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Wednesday, Feb. 27, 2008

Seoul Food

Rare Korean cuisine

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As the number of Thai and East Indian restaurants in Milwaukee continues to multiply profusely, Korean restaurants remain scarce. Oddly enough, there were more options for Korean food 20 years ago. In fact, our city only has one place 100% devoted to the food of Korea: Seoul Korean Restaurant.

Owner Hae Jin Park is a native of Korea and runs the restaurant with the assistance of family members. The location is a natural choice, formerly a Korean restaurant called Han Kuk Kwan. Park purchased the spot just more than a year ago and remodeled it at a lightning-quick pace. The walls were painted a warm, rich red and the menu was expanded, with most items actually reduced in price. A lunch buffet was also added, offering good value and a chance to try items not found on the menu.

The restaurant attracts many Korean customers, which is always a good sign for the quality and authenticity of the food. Chef’s specialties ($23.95), which serve two or more at this price, include dakdoritang, a braised chicken stew, or budae jigae (army base stew in English). This combines hot dogs and canned ham with kimchee and Korean vegetables, a nod to the days of the Korean War.

All tables get a few dishes of banchan, which are condiments accompanying the entrees. There’s always kimchee, or napa cabbage, abundantly flavored with red pepper and garlic: This is the most memorable part of any Korean meal. Other items might include a daikon radish version of kimchee, with thin sweet slivers of dried squid and perhaps seaweed flavored with a bit of sesame oil. Don’t be put off by the unusual ingredients all of the banchans have their merits and a broad range of flavors.

Start with an order of steamed dumplings. Choose between dumplings filled with beef and minced vegetables ($3.95) or a vegetable-only version ($4.95). Both are very good; perhaps the veggie ones are slightly better. Be sure to dip them in a bit of sweetened soy sauce with sesame seeds. Hae mul pa jun ($3.95) is another must, a pancake of chopped scallions with bits of shrimp and octopus that represent the milder side of Korean cooking.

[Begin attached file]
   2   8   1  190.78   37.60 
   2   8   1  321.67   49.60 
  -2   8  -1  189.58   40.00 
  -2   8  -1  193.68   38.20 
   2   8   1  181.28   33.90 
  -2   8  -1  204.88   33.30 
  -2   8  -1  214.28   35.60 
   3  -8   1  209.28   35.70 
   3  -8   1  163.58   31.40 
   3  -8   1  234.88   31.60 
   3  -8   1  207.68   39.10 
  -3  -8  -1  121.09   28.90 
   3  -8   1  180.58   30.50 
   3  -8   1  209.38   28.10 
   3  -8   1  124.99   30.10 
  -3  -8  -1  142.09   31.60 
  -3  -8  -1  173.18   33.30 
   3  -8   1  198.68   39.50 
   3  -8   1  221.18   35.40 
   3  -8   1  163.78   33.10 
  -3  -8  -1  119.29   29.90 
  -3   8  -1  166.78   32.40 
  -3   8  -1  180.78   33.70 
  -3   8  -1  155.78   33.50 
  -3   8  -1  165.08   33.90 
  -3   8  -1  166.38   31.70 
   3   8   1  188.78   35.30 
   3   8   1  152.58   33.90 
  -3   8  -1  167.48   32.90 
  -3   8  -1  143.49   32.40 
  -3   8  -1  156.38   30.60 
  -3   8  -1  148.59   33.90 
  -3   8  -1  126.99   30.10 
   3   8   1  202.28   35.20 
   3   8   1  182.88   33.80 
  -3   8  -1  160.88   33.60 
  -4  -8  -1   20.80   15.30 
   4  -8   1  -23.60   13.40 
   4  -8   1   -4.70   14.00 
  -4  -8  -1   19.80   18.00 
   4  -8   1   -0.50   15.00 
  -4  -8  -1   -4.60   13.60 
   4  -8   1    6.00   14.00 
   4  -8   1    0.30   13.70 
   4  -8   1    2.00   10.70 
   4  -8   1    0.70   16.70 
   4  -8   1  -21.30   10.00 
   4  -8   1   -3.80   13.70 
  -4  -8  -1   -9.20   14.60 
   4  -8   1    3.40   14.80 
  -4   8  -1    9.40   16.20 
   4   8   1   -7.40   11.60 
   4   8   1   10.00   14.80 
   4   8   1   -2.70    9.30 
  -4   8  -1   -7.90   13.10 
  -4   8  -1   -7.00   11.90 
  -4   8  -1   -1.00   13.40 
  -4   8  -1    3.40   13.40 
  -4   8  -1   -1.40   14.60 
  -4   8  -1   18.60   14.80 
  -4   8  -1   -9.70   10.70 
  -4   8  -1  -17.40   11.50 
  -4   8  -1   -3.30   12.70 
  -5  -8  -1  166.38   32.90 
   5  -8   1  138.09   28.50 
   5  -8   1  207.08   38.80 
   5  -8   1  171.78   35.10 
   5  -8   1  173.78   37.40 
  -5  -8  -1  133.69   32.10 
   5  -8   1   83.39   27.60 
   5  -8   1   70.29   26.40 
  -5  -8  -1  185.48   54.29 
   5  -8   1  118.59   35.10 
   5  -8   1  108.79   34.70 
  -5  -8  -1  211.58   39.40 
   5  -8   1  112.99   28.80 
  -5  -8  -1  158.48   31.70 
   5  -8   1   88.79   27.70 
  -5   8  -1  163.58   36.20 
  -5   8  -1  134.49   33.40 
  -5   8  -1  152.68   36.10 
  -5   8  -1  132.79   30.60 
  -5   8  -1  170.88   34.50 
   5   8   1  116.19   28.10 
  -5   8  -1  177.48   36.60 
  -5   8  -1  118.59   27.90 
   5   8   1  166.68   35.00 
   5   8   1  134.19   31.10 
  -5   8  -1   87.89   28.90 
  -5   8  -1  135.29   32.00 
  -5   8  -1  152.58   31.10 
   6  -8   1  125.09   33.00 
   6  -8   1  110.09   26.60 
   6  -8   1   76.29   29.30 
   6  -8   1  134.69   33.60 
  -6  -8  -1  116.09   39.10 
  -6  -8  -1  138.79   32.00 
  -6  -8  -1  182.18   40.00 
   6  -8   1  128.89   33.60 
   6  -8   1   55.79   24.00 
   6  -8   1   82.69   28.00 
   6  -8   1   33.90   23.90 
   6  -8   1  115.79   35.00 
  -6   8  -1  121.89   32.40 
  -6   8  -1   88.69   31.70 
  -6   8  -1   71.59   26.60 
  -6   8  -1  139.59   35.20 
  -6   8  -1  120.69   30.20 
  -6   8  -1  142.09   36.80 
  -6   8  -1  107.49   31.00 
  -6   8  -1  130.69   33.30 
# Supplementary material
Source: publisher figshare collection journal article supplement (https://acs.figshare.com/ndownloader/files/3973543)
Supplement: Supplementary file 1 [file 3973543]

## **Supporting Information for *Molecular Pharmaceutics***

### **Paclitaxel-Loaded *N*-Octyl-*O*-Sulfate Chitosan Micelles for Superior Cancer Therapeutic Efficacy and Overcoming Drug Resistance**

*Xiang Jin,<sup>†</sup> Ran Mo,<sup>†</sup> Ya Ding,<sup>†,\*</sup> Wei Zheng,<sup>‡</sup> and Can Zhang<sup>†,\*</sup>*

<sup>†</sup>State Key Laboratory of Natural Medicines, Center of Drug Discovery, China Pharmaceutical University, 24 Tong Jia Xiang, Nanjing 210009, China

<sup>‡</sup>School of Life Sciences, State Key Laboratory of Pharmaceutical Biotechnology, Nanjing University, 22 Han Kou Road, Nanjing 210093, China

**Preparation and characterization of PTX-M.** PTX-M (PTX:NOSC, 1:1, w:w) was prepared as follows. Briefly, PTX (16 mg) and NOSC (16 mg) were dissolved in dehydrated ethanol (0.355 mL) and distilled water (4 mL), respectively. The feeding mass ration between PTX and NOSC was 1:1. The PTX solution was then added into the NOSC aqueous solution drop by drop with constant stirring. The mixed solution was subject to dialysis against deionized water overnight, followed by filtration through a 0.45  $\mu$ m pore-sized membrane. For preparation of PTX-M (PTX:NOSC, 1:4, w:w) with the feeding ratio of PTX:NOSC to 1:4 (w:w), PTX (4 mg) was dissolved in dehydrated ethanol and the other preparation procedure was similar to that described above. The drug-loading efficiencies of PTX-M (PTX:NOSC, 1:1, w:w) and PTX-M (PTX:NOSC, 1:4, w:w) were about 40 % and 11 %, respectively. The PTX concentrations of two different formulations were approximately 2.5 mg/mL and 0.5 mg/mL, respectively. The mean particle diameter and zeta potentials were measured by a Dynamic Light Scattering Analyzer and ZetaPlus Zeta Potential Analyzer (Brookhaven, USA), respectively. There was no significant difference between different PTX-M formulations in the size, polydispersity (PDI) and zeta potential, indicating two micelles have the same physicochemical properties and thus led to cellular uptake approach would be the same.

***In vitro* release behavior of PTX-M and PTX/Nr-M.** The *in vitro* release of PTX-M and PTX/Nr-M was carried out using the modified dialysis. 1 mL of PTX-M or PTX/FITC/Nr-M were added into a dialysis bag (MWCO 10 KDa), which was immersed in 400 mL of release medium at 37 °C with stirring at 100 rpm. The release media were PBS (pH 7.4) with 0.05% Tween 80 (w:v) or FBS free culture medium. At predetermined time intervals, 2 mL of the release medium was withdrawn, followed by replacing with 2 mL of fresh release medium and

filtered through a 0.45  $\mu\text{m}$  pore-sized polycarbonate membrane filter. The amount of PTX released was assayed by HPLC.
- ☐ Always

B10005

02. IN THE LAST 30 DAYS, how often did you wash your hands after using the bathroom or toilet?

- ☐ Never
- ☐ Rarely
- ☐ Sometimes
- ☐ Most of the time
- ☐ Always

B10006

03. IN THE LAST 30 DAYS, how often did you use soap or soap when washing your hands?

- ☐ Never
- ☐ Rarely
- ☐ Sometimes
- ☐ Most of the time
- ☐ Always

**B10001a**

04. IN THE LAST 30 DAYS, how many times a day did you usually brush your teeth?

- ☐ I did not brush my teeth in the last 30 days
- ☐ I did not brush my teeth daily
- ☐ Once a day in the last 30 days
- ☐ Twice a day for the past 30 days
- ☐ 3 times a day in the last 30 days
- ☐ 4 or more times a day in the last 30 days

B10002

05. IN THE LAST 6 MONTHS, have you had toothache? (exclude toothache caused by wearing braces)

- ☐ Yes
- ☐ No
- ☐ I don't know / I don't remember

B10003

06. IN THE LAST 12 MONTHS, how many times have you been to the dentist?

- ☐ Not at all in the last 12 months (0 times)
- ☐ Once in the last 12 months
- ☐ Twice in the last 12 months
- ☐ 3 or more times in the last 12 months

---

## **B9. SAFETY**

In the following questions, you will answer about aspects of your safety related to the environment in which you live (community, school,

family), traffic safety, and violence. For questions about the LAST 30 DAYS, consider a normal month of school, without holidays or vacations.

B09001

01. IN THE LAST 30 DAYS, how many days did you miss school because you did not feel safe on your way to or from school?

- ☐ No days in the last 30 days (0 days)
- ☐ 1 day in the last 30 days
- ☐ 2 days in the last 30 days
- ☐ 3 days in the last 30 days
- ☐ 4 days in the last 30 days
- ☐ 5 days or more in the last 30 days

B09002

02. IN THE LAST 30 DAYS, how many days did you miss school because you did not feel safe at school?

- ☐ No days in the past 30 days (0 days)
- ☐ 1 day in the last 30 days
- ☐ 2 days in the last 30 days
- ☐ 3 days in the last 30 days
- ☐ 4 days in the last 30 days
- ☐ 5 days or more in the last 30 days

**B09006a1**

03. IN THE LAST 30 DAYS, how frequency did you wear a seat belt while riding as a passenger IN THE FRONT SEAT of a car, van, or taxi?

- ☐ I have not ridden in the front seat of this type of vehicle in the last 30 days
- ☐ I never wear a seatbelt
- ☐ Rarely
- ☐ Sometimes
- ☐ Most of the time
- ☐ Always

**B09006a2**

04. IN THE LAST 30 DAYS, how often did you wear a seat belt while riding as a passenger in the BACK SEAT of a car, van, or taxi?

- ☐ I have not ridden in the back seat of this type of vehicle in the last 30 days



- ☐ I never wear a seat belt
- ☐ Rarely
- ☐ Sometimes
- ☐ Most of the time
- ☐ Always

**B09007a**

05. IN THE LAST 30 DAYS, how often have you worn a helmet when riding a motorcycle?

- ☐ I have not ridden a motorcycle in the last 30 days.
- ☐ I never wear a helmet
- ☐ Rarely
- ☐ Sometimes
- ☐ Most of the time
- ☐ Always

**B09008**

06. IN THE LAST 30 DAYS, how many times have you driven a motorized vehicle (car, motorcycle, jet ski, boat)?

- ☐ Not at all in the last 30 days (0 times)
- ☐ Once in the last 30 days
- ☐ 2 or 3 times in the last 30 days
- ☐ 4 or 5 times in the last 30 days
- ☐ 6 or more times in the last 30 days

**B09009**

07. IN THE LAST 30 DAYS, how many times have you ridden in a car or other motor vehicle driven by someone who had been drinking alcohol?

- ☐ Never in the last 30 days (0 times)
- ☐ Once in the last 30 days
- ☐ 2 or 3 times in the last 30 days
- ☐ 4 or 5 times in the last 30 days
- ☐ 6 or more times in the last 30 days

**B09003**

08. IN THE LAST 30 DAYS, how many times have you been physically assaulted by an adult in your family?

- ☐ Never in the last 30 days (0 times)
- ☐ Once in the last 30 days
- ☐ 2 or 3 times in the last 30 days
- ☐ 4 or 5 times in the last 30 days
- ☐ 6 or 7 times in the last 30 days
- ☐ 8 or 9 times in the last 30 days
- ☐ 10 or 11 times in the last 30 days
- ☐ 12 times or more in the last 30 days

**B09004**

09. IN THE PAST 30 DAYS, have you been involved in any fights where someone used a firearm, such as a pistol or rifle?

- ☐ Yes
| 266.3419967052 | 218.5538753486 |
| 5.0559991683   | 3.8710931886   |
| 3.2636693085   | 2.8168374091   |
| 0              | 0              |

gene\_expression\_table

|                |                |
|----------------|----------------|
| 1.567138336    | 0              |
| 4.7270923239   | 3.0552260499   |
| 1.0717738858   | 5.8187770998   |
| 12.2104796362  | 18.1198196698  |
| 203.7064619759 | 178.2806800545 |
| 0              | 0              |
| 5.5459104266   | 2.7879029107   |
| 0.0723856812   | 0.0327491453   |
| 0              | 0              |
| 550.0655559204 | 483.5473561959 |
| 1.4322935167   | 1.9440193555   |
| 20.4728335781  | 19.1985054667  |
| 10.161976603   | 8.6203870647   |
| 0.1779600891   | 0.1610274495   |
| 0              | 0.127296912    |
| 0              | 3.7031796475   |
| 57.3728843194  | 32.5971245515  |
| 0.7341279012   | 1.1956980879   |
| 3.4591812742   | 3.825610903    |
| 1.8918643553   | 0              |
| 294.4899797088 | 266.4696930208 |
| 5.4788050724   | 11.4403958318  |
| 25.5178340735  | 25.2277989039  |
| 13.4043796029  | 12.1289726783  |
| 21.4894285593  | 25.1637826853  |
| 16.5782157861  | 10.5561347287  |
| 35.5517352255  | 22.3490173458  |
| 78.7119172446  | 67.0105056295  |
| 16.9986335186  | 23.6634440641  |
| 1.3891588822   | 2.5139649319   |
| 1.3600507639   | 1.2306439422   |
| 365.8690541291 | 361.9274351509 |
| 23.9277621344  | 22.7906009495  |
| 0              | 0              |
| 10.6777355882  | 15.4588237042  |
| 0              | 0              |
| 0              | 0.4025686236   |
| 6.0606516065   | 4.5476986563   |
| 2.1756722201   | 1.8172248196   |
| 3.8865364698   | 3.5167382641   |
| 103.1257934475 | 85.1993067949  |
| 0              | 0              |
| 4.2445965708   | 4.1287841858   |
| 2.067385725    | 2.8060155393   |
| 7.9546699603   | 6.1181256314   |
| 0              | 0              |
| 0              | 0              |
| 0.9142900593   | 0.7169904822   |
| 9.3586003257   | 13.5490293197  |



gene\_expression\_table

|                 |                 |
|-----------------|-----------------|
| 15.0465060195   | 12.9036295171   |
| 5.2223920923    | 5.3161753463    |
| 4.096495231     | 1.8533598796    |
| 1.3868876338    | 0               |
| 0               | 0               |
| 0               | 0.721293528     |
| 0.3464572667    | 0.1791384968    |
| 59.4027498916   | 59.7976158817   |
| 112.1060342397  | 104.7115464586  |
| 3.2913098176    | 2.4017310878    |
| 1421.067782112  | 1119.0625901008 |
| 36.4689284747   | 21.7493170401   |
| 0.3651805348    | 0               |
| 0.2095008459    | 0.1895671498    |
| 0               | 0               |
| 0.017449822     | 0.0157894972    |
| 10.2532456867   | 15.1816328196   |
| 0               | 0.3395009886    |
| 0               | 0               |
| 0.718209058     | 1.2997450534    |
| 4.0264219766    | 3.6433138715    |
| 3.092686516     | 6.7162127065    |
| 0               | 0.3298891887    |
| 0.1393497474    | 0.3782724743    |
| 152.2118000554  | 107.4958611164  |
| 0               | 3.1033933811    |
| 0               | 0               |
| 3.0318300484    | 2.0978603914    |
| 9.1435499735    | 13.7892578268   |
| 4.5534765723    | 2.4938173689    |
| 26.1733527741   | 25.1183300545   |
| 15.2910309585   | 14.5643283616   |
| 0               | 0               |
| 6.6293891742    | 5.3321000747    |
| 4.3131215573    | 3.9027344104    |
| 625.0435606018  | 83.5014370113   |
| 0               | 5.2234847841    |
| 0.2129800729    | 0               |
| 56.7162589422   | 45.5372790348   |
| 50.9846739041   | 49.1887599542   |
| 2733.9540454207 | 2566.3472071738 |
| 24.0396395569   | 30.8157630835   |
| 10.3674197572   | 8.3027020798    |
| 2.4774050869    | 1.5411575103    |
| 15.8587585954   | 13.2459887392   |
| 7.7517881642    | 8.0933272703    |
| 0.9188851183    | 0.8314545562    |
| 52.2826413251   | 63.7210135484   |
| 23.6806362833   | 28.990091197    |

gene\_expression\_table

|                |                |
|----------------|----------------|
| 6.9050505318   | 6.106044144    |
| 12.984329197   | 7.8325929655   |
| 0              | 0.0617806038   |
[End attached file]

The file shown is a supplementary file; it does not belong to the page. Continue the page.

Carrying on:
Beef figures prominently in Korean cooking; more so than in any other part of Asia. The standard dish is bulgoki ($11.95), thin slices of beef in a marinade with soy sauce, sugar, sesame oil and a touch of garlic. Korean restaurants often have built-in tabletop grills to cook bulgoki, but here it is prepared in the kitchen. Sutbul kalbi ($12.95) is a better variant of this theme. It is beef served in thicker slices of boneless short ribs, a fattier cut with more flavor. The marinade is similar, perhaps a bit sweeter.

For something spicy, try je yuk bokum ($10.95), slices of boneless pork marinated in a hot pepper paste. While Korean food, especially kimchee, can be very fiery, the pork brings more of a soothing flavor.

The most unusual menu item would have to be hwe dop bab ($9.95). This is a bowl of room-temperature rice topped with lettuce and paper-thin slices of cucumber and daikon radish. The main ingredient is slices of raw fish. What appears to be a ketchup container is filled with hot pepper sauce. Make sure that some sesame oil is provided; it’s critical to the enjoyment of this dish. Simply add sesame oil to the mixture in the bowl, along with some hot pepper sauce, and then toss all of the ingredients together for a truly delicious dish suffused with the flavor of sesame.

The preferred beverages are small bottles of sake or one of the Korean beers. There is also a minimal wine list. The servers try hard to please and to answer any questions about the menu. Seoul may be Milwaukee’s only Korean restaurant, but it happens to be a very good one. It would be a find even in Los Angeles’ large Koreatown neighborhood.

SEOUL KOREAN RESTAURANT
2178 N. Prospect Ave. (414) 289-8208 $$ Credit Cards: All major Smoke Free Handicap Access: Yes

Photos by Tate Bunker